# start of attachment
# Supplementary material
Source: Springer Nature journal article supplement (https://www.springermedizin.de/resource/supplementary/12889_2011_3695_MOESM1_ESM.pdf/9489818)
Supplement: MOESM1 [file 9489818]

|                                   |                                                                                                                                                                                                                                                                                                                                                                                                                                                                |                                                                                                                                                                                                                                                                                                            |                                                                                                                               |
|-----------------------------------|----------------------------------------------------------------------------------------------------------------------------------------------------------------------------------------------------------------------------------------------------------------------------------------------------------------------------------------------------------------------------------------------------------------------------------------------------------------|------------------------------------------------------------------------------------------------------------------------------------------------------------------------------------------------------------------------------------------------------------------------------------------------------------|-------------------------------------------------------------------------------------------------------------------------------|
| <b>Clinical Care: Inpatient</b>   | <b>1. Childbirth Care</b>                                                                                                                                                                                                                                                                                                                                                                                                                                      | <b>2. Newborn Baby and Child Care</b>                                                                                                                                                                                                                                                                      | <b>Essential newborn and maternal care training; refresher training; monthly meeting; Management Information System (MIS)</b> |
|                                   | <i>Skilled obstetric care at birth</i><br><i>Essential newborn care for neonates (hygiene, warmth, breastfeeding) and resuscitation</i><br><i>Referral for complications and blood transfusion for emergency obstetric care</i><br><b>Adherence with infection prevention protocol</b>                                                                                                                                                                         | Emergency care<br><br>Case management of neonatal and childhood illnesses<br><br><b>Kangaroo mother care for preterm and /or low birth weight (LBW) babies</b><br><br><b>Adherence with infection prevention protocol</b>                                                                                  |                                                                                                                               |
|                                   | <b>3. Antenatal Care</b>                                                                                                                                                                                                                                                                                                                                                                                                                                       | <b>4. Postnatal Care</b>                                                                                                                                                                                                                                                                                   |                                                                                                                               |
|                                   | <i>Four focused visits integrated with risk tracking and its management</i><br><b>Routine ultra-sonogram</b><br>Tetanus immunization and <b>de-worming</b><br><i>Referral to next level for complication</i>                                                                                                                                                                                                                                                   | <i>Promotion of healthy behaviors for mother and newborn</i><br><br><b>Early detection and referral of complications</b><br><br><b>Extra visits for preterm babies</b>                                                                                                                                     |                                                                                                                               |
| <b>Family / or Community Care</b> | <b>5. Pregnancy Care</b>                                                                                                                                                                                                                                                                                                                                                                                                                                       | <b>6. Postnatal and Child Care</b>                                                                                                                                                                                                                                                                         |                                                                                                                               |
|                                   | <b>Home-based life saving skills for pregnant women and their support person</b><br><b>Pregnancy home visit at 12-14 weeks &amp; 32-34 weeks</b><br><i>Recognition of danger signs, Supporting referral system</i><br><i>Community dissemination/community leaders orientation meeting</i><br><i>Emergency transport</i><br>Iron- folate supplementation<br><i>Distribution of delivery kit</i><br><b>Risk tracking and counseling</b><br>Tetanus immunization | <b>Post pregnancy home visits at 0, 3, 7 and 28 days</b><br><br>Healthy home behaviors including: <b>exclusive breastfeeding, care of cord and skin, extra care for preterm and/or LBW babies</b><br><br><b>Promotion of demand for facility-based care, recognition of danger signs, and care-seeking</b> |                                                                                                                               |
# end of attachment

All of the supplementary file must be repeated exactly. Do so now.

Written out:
# Supplementary material
Source: Springer Nature journal article supplement (https://www.springermedizin.de/resource/supplementary/12889_2011_3695_MOESM1_ESM.pdf/9489818)
Supplement: MOESM1 [file 9489818]

|                                   |                                                                                                                                                                                                                                                                                                                                                                                                                                                                |                                                                                                                                                                                                                                                                                                            |                                                                                                                               |
|-----------------------------------|----------------------------------------------------------------------------------------------------------------------------------------------------------------------------------------------------------------------------------------------------------------------------------------------------------------------------------------------------------------------------------------------------------------------------------------------------------------|------------------------------------------------------------------------------------------------------------------------------------------------------------------------------------------------------------------------------------------------------------------------------------------------------------|-------------------------------------------------------------------------------------------------------------------------------|
| <b>Clinical Care: Inpatient</b>   | <b>1. Childbirth Care</b>                                                                                                                                                                                                                                                                                                                                                                                                                                      | <b>2. Newborn Baby and Child Care</b>                                                                                                                                                                                                                                                                      | <b>Essential newborn and maternal care training; refresher training; monthly meeting; Management Information System (MIS)</b> |
|                                   | <i>Skilled obstetric care at birth</i><br><i>Essential newborn care for neonates (hygiene, warmth, breastfeeding) and resuscitation</i><br><i>Referral for complications and blood transfusion for emergency obstetric care</i><br><b>Adherence with infection prevention protocol</b>                                                                                                                                                                         | Emergency care<br><br>Case management of neonatal and childhood illnesses<br><br><b>Kangaroo mother care for preterm and /or low birth weight (LBW) babies</b><br><br><b>Adherence with infection prevention protocol</b>                                                                                  |                                                                                                                               |
|                                   | <b>3. Antenatal Care</b>                                                                                                                                                                                                                                                                                                                                                                                                                                       | <b>4. Postnatal Care</b>                                                                                                                                                                                                                                                                                   |                                                                                                                               |
|                                   | <i>Four focused visits integrated with risk tracking and its management</i><br><b>Routine ultra-sonogram</b><br>Tetanus immunization and <b>de-worming</b><br><i>Referral to next level for complication</i>                                                                                                                                                                                                                                                   | <i>Promotion of healthy behaviors for mother and newborn</i><br><br><b>Early detection and referral of complications</b><br><br><b>Extra visits for preterm babies</b>                                                                                                                                     |                                                                                                                               |
| <b>Family / or Community Care</b> | <b>5. Pregnancy Care</b>                                                                                                                                                                                                                                                                                                                                                                                                                                       | <b>6. Postnatal and Child Care</b>                                                                                                                                                                                                                                                                         |                                                                                                                               |
|                                   | <b>Home-based life saving skills for pregnant women and their support person</b><br><b>Pregnancy home visit at 12-14 weeks &amp; 32-34 weeks</b><br><i>Recognition of danger signs, Supporting referral system</i><br><i>Community dissemination/community leaders orientation meeting</i><br><i>Emergency transport</i><br>Iron- folate supplementation<br><i>Distribution of delivery kit</i><br><b>Risk tracking and counseling</b><br>Tetanus immunization | <b>Post pregnancy home visits at 0, 3, 7 and 28 days</b><br><br>Healthy home behaviors including: <b>exclusive breastfeeding, care of cord and skin, extra care for preterm and/or LBW babies</b><br><br><b>Promotion of demand for facility-based care, recognition of danger signs, and care-seeking</b> |                                                                                                                               |